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Words of Blood.
on 5 September 2014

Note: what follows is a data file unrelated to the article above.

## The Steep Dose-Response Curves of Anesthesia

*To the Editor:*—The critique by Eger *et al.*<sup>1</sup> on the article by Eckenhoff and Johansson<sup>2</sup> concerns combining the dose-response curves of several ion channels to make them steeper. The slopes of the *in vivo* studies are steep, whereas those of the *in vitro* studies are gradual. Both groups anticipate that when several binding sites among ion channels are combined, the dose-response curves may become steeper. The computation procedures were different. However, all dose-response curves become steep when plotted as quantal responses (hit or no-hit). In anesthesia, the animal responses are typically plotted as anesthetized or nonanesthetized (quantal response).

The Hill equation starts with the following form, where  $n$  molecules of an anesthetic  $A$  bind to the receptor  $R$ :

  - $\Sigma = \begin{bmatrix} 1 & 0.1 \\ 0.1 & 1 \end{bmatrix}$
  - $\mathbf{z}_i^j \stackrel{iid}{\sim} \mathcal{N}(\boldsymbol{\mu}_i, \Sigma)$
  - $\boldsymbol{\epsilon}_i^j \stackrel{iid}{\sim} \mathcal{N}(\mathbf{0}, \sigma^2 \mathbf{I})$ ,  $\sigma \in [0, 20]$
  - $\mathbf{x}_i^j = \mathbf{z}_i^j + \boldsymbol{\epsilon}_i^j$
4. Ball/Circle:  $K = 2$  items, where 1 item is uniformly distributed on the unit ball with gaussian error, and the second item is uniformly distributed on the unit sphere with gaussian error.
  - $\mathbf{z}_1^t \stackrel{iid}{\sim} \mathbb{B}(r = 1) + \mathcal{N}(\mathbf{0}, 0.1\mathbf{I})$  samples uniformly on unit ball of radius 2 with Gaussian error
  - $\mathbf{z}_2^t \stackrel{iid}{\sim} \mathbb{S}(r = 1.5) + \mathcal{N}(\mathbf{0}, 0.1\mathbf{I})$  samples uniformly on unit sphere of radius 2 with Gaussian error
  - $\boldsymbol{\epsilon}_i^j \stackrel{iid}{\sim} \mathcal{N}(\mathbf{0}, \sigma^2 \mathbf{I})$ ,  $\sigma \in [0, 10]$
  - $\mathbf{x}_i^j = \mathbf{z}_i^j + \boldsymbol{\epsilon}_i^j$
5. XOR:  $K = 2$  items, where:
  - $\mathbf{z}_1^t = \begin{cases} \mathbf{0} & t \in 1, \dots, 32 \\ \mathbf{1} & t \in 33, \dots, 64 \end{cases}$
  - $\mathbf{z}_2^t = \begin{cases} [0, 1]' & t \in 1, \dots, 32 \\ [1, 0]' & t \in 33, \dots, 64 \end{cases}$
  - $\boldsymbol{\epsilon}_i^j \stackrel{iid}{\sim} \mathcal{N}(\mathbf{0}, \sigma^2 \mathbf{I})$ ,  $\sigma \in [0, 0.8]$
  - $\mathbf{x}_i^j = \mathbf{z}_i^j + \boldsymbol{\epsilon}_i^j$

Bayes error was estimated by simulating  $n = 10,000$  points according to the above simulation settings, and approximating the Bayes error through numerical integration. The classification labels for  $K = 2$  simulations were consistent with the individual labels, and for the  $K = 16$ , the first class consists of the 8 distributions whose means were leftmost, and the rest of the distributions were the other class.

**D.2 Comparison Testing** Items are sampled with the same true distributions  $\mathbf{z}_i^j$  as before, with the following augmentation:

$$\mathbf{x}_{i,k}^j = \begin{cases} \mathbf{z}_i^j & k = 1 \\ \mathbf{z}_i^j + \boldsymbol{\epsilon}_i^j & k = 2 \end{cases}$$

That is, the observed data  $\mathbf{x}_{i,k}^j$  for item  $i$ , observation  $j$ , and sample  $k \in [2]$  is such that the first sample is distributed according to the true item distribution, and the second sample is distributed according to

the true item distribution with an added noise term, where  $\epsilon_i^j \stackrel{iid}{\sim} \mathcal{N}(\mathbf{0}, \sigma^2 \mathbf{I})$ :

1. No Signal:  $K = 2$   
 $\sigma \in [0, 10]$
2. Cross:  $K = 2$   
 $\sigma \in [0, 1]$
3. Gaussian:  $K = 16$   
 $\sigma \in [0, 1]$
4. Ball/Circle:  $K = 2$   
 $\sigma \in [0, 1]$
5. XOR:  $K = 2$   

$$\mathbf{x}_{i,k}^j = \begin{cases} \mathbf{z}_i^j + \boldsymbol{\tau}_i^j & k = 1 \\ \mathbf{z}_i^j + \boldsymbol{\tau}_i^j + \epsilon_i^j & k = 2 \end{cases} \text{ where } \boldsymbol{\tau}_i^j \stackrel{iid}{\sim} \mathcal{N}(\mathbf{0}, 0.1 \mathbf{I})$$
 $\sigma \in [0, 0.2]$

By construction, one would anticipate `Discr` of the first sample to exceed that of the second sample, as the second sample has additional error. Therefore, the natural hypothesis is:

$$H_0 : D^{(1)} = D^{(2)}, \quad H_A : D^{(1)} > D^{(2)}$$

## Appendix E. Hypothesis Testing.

Adhering stubbornly to his styling of them as Romances, Hawthorne's remarkable novel is one of American literature's seminal achievements, perhaps an allegory of the White Man's settlement. No wonder he and Melville were mutually admiring: while the latter was worrying that there might be no or perhaps a malign God, Hawthorne (whose ancestor was one of those who condemned the Salem 'witches') is possessor of a sense of Evil very unusual at any time, the story is redolent of it. The powerful Pynchon usurps the lowly Matthew Maule and Fate then begins its awful march. In a relatively short course - he was a master of the short story too - the dark house thus established, the Pynchons and others, lively characters somehow a little crushed, live in the shadow of this impressive, brooding house. And inevitably, an awful denouement works out, following an appalling curse issuing from the mouth of the wronged Maule. Taking in a masterly chapter, (I will not identify it), that manages a trick less drastic but more apropos than Georges Perec did in writing a book with no letter 'e' this is a brilliant study in Justice, beginning with those words that ring in my ears now. The style is lapidary and exact and no-one wishing to appreciate American culture can miss him. In my view this is superior even to 'The Scarlet Letter' though you must read them both as well as his pathos-ridden, powerful short stories. A striking achievement.